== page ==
"We need more than just one pathway to good jobs in the U.S." wrote Jeff Selingo, author of There Is Life After College, a new book from Barnes & Noble to be on the shelves in a couple of weeks, "What we need is a place like Harvard -- both prestigious and rigorous -- that will attract students who have talents and interests to pursue skilled jobs critical for the economy that don't necessarily require a four-year degree."
I do not know Mr. Selingo but he's singing my song, one my faithful readers have heard many times before. He makes the valid point that 40 percent of American workers hold a bachelor's degree, and that college graduates are found in virtually every profession. "Some 15 percent of mail carriers have a four-year credential, as do one in five clerical and sales workers and 83,000 bartenders," he said.
It is abundantly clear to many of us that our traditional four-year institutions are woefully out of date and disconnected from the modern workplace. "Getting a bachelor's degree is what going to college means to most Americans and is so ingrained in our culture that students who don't march along are often admonished, questioned and considered failures," Selingo writes. "The decades-long march to college for everyone at 18 has actually closed off rather than opened up options for teenagers and twenty-somethings."
To be sure, the traditional four-year college curriculum remains the goal of choice for the more academically inclined young people, but not everyone is ready for college and many teenagers have talents and skills that could be more productively employed in other fields -- such as manufacturing where the shortage of skilled workers is a major headache for industry.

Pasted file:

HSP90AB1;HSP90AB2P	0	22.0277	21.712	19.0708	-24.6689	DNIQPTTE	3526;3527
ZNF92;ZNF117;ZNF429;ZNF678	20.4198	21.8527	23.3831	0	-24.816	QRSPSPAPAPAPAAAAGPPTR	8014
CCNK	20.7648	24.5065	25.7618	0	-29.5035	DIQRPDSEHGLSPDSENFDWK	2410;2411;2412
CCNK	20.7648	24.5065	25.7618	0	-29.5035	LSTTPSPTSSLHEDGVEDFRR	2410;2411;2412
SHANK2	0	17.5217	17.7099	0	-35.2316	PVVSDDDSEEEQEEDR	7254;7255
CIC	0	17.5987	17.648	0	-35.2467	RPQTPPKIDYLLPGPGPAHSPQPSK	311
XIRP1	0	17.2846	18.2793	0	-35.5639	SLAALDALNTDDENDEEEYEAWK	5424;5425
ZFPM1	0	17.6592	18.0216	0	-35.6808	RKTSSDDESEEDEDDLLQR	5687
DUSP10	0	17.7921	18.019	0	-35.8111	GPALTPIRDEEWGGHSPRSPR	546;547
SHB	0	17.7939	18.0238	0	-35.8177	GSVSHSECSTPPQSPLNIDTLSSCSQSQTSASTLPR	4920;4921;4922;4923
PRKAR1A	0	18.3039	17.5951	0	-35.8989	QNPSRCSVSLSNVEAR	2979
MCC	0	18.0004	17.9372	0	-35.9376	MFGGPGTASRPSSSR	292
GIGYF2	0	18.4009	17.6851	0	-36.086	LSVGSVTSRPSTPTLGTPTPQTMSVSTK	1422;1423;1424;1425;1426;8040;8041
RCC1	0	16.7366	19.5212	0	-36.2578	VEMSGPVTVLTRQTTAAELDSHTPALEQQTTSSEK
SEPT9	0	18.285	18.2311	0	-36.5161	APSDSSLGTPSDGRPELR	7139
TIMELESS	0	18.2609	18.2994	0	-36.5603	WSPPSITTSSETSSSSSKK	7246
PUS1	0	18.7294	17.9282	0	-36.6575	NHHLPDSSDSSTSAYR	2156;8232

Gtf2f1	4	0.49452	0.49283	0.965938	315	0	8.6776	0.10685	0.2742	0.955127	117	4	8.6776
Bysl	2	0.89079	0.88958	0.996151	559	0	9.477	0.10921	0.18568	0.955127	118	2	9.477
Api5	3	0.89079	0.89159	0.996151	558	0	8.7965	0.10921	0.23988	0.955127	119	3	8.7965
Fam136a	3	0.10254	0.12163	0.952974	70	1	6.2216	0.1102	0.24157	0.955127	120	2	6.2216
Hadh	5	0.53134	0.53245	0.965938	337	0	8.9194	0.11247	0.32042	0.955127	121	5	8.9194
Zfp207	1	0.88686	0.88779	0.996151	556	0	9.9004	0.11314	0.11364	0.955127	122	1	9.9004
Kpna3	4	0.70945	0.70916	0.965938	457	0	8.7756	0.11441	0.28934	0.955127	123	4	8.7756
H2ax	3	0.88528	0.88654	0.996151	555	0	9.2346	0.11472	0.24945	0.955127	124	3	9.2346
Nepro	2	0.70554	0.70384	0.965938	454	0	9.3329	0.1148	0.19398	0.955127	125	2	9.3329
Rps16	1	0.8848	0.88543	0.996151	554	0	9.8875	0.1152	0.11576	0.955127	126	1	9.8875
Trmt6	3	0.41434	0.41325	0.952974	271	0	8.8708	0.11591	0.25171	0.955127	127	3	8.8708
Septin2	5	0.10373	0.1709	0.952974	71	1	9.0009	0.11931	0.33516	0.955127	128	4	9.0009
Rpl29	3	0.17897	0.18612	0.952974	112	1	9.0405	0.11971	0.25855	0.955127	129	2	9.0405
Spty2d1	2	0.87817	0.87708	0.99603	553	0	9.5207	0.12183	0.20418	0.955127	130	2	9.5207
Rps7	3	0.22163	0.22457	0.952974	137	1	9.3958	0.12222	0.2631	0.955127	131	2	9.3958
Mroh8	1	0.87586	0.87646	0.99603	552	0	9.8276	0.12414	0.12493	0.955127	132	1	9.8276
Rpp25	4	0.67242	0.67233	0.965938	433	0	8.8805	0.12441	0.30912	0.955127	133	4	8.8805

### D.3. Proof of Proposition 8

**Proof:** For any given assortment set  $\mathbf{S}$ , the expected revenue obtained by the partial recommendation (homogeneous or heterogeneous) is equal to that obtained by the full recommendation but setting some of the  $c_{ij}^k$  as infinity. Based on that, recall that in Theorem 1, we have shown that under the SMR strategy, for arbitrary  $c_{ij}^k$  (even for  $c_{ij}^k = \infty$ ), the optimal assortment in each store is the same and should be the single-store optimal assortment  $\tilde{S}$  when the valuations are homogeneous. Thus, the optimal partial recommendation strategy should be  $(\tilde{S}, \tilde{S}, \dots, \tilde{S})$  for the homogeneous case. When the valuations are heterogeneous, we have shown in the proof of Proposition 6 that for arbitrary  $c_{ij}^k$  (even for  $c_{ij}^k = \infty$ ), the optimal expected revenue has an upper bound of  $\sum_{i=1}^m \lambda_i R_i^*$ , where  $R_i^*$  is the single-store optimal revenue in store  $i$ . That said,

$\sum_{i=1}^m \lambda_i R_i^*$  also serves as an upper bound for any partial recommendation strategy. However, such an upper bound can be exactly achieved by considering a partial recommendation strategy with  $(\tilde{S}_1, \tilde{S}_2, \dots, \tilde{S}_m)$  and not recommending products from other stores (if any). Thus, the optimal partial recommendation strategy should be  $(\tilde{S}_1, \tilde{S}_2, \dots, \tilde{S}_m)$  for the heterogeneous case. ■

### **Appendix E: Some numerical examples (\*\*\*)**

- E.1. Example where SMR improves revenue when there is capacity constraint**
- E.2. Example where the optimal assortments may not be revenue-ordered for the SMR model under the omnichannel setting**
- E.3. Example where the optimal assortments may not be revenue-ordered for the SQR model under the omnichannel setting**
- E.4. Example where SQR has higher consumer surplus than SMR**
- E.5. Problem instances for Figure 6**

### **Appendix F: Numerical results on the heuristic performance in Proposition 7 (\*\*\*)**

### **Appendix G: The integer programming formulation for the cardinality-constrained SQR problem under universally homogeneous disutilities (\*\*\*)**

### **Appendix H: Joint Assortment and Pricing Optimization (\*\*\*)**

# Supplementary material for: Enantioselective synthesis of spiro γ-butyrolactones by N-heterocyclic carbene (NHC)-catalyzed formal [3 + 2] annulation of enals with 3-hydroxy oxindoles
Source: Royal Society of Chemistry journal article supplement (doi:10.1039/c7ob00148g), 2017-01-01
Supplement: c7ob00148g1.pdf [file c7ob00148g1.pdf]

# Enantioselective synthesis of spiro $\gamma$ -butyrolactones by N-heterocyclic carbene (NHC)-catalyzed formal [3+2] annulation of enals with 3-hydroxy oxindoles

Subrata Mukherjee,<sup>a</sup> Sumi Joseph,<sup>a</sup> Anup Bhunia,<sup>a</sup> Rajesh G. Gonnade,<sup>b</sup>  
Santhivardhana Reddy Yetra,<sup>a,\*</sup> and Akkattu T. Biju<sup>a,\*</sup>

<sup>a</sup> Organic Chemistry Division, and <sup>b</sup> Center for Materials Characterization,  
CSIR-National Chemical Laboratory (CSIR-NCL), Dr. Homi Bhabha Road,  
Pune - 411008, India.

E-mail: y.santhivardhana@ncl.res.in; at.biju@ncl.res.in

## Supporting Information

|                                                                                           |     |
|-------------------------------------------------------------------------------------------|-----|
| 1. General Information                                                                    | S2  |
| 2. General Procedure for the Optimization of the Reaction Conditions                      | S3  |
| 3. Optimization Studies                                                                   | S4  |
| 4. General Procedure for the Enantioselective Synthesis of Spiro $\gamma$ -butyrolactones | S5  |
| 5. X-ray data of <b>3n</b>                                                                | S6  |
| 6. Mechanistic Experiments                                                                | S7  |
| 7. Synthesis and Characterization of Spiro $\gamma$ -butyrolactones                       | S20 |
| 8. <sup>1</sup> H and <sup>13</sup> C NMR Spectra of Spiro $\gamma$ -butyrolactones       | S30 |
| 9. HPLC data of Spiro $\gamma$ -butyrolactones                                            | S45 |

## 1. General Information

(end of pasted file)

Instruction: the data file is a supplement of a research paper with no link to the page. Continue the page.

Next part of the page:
"As I travelled the country the last two years talking to employers of all sizes and in all sectors of the economy, what I heard most is the worry they have about filling so-called middle-skills positions in advanced manufacturing, health care and information technology," Selingo says. "Employers told me they have a healthy supply of talent for their white-collar office jobs that usually require a bachelor's degree and sometimes a masters or Ph.D. But that if manufacturing has any hope of making a rebound in the U.S., there is a desperate need for younger workers with technical hands-on skills that require training after high school"
Selingto describes the Apprentice School in Newport News, Virginia, where students choose from one of more than 20 occupational areas. They are paid an annual salary of $54,000 by the final year of the program -- $10,000 above that of the average college grad -- and afterward are guaranteed a job with the military contractor that operates Newport News Shipbuilding.
The school is just as selective as Harvard and receives 4,000 applications a year for only 230 spots. The students graduate debt free, which must sound like heaven to young people looking at the massive debt load that often attends four-year colleges. I have written about other similar programs out there. We need more bright young workers with real world skills. Apprenticeship programs are one answer, and I believe probably the best answer.
Jerry Jasinowski, an economist and author, served as President of the National Association of Manufacturers for 14 years and later The Manufacturing Institute. Jerry is available for speaking engagements. April 2016